The site remains relatively unknown even in Germany, but some tournaments are held at the site in an effort to boost knowledge of the venues.
Displaying Nazi symbols and swastika
Spectators giving the Nazi salute during one of the medal ceremonies as the Nazi flag flies above
The Olympic Fire in Berlin
The Olympic village
US track team house at the Olympic village, 2015
Jesse Owens' room at the Olympic village, 2015
1936 Summer Olympics Organization articles: 22
Twenty-two venues were used for the 1936 Summer Olympics. Many were located in the Reich Sportsfeld complex.
Sailing was held in the Bay of Kiel, which would serve as the sailing venue for the 1972 Summer Olympics held in Munich. The Olympic Stadium would later be part of two FIFA World Cups and then host an IAAF World Championships in Athletics along with undergoing a renovation in the early 2000s to give new life to the stadium. Avus Motor Road (AVUS) was started in 1907, but was not completed until 1921 due to World War I. The track was rebuilt for the 1936 Games. AVUS continued being used after World War II though mainly in Formula 2 racing. The German Grand Prix was last held at the track in 1959. Dismantling of the track first took place in 1968 to make way for a traffic crossing for touring cars that raced there until 1998.
BSV 92 Field was first constructed in 1910 for use in football, handball, athletics, and tennis. The Reich Sports Field, which consisted of the Olympic Stadium, the Dietrich Ecekrt Open-Air Theatre, the Olympic Swimming Stadium, Mayfield, the Hockey Stadiums, the Tennis Courts, and the Haus des Deutschen Sports, was planned for the aborted 1916 Summer Olympics, but was not completed until 1934. Mayfield was the last venue completed prior to the 1936 Games in April 1936. Deutschland Hall was opened in 1935. Mommenstadion opened in 1930. Basketball was held outdoors at the request of the International Basketball Federation (FIBA). The tennis courts were used, which turned to mud during heavy rain at the final. The K-1 1000 m canoeing final was also affected by heavy rain at Grünau that included thunder and lightning. During World War II, Deutschlandhalle suffered heavy aerial bombing damage. After the second world war, the hall was reconstructed and expansion has continued as of 2010[update]. The Deutschlandhalle in Berlin, where the boxing, weightlifting, and wrestling events took place, was used as venue, but was increasingly closed for repairs, last in 2009 when it was close for repairs, It was demolished in December 2011. the Mommsenstadion was renovated in 1987 and was still in use in 2010.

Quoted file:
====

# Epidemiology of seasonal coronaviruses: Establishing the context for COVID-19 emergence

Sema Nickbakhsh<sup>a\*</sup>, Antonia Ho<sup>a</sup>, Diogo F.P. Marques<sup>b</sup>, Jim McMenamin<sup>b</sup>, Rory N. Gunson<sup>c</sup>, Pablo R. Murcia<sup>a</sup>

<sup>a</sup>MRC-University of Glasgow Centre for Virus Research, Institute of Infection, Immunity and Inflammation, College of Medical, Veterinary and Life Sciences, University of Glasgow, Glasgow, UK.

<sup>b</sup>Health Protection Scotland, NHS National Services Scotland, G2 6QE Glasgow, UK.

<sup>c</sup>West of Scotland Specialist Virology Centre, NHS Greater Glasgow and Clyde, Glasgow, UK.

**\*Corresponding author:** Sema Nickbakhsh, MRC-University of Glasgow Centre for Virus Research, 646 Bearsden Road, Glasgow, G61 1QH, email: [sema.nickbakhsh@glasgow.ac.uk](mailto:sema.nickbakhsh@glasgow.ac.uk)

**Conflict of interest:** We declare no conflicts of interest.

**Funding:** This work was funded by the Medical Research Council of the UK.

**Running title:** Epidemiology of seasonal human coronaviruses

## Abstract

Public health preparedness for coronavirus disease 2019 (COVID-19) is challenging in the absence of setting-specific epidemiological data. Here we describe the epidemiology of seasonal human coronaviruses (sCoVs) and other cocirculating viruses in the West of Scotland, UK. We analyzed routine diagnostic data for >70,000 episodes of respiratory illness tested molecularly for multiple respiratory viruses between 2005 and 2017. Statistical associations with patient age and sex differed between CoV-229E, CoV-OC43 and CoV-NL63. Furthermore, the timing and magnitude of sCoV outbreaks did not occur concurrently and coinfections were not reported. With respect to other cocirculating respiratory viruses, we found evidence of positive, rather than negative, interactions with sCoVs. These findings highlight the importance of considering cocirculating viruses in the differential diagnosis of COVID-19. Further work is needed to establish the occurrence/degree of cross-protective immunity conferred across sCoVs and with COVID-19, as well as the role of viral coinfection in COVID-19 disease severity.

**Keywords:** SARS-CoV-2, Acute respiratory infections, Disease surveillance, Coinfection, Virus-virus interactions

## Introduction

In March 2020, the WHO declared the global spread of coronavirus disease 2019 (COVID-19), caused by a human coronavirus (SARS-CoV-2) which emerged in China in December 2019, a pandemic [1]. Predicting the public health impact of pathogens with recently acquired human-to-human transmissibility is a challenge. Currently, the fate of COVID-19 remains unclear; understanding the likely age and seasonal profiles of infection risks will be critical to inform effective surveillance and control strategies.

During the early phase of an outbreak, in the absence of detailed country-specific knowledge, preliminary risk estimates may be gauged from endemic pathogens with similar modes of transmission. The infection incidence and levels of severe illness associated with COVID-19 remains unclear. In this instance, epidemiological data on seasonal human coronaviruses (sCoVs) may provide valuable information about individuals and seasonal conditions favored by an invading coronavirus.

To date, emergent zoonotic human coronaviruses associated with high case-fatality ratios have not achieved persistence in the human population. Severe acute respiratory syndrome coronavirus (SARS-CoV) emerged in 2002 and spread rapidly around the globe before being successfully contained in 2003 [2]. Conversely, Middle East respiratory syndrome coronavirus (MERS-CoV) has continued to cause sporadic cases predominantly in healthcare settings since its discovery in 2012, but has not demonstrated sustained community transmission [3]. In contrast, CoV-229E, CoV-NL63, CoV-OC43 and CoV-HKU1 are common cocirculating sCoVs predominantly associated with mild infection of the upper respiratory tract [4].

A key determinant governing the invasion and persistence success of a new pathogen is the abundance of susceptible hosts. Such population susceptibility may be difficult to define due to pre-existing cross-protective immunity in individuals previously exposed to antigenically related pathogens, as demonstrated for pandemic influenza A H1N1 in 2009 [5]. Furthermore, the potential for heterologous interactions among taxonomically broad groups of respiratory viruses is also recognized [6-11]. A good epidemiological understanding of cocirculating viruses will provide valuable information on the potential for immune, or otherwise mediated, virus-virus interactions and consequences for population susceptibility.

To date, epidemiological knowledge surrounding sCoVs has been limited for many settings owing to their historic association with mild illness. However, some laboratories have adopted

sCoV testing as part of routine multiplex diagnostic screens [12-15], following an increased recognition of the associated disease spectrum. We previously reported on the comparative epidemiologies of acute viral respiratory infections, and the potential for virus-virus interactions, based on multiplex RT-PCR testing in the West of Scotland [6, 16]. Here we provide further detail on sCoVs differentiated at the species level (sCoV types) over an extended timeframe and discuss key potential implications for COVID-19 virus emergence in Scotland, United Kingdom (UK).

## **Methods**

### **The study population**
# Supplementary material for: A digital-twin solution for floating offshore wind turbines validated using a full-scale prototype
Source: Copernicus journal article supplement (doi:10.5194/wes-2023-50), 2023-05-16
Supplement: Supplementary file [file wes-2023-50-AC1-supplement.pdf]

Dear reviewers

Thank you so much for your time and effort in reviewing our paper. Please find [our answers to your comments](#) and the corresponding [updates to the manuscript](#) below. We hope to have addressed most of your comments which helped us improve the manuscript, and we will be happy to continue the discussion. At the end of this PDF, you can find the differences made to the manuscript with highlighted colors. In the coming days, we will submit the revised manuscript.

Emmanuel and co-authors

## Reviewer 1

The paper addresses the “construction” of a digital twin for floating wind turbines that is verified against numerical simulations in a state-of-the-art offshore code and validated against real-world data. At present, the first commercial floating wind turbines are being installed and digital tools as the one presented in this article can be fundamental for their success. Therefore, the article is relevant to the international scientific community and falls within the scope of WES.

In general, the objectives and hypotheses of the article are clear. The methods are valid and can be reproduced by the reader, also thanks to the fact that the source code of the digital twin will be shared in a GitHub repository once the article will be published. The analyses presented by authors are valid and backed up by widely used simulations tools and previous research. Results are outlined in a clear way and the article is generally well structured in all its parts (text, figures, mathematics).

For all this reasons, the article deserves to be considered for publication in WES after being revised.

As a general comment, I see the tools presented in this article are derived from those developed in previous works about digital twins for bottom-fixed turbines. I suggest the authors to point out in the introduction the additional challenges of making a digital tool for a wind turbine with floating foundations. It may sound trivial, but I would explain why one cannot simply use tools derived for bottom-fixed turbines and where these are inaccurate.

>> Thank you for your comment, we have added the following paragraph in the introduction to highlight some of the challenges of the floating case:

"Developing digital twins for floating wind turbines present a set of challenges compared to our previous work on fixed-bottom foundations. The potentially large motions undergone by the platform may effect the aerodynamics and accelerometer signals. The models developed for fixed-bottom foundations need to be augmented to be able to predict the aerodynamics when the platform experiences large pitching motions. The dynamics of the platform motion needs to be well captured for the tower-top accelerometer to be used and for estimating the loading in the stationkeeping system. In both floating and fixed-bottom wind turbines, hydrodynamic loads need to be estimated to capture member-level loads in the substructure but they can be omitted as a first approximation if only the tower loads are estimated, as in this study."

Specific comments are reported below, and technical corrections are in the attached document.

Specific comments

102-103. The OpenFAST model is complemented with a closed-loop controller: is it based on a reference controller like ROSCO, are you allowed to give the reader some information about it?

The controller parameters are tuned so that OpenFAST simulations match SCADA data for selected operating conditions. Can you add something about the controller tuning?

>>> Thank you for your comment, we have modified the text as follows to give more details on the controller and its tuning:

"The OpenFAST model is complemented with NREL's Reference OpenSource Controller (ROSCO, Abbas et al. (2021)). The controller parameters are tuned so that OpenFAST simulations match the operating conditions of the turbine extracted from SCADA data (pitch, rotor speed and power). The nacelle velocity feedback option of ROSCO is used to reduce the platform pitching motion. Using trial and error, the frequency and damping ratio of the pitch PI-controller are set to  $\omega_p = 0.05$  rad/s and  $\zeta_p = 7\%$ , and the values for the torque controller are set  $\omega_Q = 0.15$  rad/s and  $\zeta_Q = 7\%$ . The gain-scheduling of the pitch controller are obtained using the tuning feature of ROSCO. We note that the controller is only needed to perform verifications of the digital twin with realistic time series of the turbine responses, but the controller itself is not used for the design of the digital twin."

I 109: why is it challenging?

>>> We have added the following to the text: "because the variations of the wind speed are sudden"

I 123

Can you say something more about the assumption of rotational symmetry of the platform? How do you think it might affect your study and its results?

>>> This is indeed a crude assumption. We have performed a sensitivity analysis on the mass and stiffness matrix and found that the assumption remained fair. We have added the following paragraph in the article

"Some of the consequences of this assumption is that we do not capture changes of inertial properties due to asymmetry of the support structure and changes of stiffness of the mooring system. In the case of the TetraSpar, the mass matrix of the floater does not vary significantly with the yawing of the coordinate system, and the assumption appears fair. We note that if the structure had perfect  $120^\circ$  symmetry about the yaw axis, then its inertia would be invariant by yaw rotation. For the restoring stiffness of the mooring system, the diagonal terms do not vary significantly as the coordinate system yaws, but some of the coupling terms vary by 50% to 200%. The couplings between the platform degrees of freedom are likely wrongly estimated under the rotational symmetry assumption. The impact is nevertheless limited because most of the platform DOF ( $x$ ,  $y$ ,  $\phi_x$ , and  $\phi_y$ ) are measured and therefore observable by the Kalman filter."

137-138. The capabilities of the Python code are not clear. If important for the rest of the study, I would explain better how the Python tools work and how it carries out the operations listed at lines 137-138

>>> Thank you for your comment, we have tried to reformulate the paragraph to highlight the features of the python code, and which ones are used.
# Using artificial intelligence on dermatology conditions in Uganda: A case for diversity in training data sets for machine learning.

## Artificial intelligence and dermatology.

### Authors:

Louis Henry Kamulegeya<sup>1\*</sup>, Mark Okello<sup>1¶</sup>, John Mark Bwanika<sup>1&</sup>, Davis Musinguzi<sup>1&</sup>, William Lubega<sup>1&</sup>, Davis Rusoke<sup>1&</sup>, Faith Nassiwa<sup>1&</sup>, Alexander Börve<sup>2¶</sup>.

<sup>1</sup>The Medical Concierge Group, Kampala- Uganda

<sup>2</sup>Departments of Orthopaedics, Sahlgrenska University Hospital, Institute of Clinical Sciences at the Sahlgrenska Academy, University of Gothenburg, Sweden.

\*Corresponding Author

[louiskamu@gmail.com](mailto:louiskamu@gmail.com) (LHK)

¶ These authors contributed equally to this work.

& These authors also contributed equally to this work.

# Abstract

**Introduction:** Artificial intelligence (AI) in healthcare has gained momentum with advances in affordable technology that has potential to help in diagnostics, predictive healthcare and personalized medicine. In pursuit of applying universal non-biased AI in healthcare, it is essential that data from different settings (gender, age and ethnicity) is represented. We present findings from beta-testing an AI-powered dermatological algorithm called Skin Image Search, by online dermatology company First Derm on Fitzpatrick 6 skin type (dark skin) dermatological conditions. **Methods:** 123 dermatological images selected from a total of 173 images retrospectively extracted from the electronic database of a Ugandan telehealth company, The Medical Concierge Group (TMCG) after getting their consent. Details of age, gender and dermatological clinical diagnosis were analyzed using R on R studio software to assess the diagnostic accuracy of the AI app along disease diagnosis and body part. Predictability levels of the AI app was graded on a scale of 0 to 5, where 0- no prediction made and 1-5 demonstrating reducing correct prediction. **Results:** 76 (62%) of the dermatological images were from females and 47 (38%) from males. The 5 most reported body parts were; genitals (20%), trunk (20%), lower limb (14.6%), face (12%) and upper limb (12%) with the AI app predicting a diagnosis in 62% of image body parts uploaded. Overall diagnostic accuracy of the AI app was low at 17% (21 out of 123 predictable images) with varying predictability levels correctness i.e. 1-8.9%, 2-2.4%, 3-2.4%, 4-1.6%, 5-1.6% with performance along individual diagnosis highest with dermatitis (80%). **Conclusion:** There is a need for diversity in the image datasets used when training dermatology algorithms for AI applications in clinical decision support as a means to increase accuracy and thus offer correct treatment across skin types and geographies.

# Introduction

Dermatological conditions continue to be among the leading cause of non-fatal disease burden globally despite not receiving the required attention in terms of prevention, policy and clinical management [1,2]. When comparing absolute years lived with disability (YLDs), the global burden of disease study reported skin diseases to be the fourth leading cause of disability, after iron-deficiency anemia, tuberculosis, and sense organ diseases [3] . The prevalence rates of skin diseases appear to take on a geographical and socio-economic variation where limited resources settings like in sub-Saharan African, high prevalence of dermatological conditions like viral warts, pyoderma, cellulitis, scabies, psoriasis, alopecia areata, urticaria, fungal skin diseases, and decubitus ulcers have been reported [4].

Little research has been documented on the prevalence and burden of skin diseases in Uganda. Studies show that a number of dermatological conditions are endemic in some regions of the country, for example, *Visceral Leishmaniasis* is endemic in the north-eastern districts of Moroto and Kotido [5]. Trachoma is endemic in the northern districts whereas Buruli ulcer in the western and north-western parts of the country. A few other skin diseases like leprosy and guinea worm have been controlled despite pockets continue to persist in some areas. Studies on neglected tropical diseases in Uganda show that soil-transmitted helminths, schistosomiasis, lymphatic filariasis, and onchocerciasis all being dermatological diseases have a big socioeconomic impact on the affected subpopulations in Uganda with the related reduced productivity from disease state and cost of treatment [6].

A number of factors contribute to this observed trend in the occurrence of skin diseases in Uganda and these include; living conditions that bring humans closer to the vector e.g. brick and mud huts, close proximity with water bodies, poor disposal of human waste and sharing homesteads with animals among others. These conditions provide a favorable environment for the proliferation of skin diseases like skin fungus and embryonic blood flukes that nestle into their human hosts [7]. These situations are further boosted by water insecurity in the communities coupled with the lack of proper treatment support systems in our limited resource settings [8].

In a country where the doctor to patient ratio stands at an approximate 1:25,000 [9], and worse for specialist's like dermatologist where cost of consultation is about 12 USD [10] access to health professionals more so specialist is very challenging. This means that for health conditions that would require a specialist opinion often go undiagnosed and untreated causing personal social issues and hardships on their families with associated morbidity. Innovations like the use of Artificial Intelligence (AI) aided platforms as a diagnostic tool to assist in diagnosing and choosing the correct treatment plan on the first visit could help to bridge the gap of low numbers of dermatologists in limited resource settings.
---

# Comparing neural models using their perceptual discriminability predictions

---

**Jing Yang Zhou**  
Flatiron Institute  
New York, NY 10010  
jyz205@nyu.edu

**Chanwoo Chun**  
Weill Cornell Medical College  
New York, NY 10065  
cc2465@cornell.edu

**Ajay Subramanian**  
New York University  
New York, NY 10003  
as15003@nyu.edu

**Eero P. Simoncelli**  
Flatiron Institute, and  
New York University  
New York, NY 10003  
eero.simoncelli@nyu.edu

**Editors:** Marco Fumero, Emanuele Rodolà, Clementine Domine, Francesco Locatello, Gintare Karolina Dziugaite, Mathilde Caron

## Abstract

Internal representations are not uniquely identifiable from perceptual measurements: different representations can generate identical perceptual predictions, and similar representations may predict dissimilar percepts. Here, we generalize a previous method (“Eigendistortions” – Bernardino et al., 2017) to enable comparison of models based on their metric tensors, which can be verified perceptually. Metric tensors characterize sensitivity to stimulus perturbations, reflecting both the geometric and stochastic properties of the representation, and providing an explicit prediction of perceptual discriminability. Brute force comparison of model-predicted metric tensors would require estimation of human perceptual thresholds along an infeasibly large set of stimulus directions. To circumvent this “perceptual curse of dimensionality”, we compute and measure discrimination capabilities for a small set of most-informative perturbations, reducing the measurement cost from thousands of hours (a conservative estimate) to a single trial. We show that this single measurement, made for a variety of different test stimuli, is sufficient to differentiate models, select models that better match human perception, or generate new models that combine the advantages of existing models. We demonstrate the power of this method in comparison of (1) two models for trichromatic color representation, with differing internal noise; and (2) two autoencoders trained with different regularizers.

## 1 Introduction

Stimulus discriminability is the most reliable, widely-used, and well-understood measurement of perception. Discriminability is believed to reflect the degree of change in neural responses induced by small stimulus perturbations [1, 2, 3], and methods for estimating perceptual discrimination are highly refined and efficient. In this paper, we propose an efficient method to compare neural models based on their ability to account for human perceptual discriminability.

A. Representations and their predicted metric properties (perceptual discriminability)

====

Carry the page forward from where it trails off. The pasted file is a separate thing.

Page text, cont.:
The Olympic Stadium was used as an underground bunker in World War II as the war went against Nazi Germany's favor. The British reopened the Stadium in 1946 and parts of the stadium were rebuilt by the late 1950s. As a host venue for the 1974 FIFA World Cup, the stadium had its roof partially covered on the North and South Stands. British occupation of the stadium ended in 1994. Restoration was approved in 1998 with a contractor being found to do the work in 2000. This restoration ran from 2000 to 2004. The modernized Stadium reopened in 2004, with a capacity of 74,228 people. The seating has been changed greatly, especially the sections that were reserved for German and international political leaders. The stadium now plays host to Hertha BSC (1963–present), and is expected to remain the home of the team for years to come. For the 2006 FIFA World Cup, the venue was where the final took place between Italy and France. Three years later, the venue hosted the World Athletics Championships.